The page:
One of our dedicated and deeply appreciated volunteer hosts, Kathy Mitchell, created a list of insights from the Communicating With Care conversation. From her experience hosting this conversation, she generated a list of some of the best and worst communication practices.
Kathy observes, “Talking with others about sensitive topics is rarely easy, but avoiding those difficult conversations doesn’t help. We have to learn how to connect with others so we can solve our problems.” These insights are great for Living Room Conversations best practices–and best practices in life! Enjoy.
20 Practices that Foster Great Conversation on Touchy Topics
- Body language that shows you are listening to understand rather than to judge.
- Ask questions after someone speaks in order to ensure you understand them.
- Be open to other ideas and opinions.
- Be aware of your contribution to the conversation – Own your actions.
- Honestly express your concerns without criticizing others (attacking the problem, not the person).
- Seek to understand the “why” behind opposing viewpoints.
- Remember that everyone is somebody’s loved one.
- Assume the best in others to the greatest extent possible.
- Extend grace to others by understanding that their accusatory comments usually come from a place of pain and fear. This circles back to seeking to understand their “why.”
- Have ground rules laid out before the discussion.
- Rather than dismissing someone’s account, say, “I’ve never heard that before. I’m so sorry that happened to you.”
- Consider the timing of the conversation. If the time doesn’t seem right, make an offer to talk more at some point in time.
- Talk face to face when possible rather than online or via other forms. Note that some forms of online communication are more respectful than others. For example, social media comments can quickly turn hostile, whereas as a structured online Living Room Conversation with ground rules has the potential to build connections and common ground.
- Rather than making a statement, ask, “Have you ever thought of this scenario?” This keeps others engaged and helps to gain a sense of their perspective.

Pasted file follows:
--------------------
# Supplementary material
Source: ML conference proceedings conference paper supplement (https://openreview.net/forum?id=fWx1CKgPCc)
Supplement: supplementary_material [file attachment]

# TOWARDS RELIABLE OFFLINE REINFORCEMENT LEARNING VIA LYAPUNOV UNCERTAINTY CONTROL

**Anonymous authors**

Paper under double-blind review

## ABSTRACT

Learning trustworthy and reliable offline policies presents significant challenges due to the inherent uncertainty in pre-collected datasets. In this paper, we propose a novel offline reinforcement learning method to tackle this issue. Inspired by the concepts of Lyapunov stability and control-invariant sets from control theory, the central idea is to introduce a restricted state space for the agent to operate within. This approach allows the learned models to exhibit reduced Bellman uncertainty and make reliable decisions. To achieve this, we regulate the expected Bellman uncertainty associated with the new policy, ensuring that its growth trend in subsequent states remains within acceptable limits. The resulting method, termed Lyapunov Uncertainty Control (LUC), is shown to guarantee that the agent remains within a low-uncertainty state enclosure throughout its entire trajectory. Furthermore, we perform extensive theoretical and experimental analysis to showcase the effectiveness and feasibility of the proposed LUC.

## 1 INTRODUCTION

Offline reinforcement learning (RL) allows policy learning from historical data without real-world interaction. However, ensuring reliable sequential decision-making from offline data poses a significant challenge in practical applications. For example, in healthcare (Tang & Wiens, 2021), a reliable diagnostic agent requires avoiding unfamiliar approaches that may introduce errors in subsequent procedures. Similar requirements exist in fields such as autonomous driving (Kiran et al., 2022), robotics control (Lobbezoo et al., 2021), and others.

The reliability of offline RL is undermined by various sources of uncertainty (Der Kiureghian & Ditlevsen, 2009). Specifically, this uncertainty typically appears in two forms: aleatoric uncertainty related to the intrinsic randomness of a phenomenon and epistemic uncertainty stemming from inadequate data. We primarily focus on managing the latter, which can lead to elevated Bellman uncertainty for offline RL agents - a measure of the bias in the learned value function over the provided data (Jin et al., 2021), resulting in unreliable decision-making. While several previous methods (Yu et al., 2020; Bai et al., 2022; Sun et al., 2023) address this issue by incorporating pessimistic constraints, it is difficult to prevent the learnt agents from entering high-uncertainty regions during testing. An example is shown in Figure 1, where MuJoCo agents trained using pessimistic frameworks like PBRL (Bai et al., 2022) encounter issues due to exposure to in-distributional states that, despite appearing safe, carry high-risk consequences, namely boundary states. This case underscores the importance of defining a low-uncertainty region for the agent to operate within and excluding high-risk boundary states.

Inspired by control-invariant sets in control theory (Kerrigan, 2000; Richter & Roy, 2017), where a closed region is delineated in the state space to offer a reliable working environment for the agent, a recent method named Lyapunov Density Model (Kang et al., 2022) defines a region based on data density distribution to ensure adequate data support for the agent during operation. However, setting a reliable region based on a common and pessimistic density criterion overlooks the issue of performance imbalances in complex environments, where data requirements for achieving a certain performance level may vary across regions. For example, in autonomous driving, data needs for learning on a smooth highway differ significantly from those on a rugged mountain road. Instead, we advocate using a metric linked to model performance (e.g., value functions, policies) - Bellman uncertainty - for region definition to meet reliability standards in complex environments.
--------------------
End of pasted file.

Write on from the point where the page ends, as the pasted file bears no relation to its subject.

- Remember that you don’t know the history people bring to the conversation.
- Rather than reacting to offensive words, explore them with caring questions.
- Be curious – ask why people have the opinions they do – learn their stories.
- Assume good will.
- Focus on common goals.
- Talk about issues rather than people (separating people from problems).
During Kathy’s experience hosting conversations on Communicating with Care, participants voiced a shared view of themselves as “natural-born peacemakers.” We all share a desire for harmony in our lives. Here are some conversational practices to avoid in order to help keep the peace.
What Shuts Down Conversations: 13 Practices to Avoid
- When someone is focused primarily on being right by defending their views.
- When someone shows more concern about making a point/counterpoint than listening to the other party.
- When someone labels your views as wrong/uncaring/unfair/shortsighted, etc, rather than asking you why you hold those views.
- When someone uses generalities and verbalizes condemnation of a group of people with no regard to the individuality of every human in that group.
- The “cancel culture” that has spread from celebrity treatment to treatment of friends and family. This refers to the widespread practice of shutting out/unfriending/canceling anyone who says or does something we don’t particularly like. Refusing to reward people for bad behavior is understandable. Respectfully calling them out is usually warranted. But shutting them out, and even refusing to accept their apologies only drives them into an opposing corner with other “canceled” people and adds to our dysfunction. This circles back to the need to extend grace. Everyone falters at times. No one should be canceled for a mistake that they regret.
- Talking over someone.
- Talking about statistics rather than talking about the person in front of them.
- Showing a level of certainty in your dialogue that gives the other party a feeling of inflexibility on your part (makes the other party wonder if they should even bother).
- Reacting negatively to offensive words.
- Name-calling of anyone (including political figures).
- Assuming one’s character is being attacked when our opinions are criticized.
- Weaponizing terms, using them as a means of attacking/shaming/silencing others’ opinions rather than using them in an educational context with no judgment attached. Example: “white privilege” is often presented in an accusatory manner or with the perceived intent of making the recipient feel like they don’t deserve the life they lead. It should be used instead as a judgment-free, empathy-building concept that allows us to see our personal histories and current lifestyles through a new perspective.
- It’s difficult to extend grace when we feel like we’re in hostile territory. This goes back to having ground rules that creates a safe space for respectful conversation.
In addition to the insightful conversation tips, Kathy shared some unanswered concerns. Have suggestions for ways to address some of the concerns below? Write us and share your insights!
- How to deal with people who clearly don’t know facts?
- How to deal with people who walk out during a conversation?
- How to comment/ask about a situation while still ensuring that others feel respected?
- How to discuss policies without slipping into the judgment zone?
- How to recognize, manage or eliminate terms that sound hateful to the other side (sound bites that are often repeated)?
- How to hold the conversations we need to hold rather than avoiding politics altogether?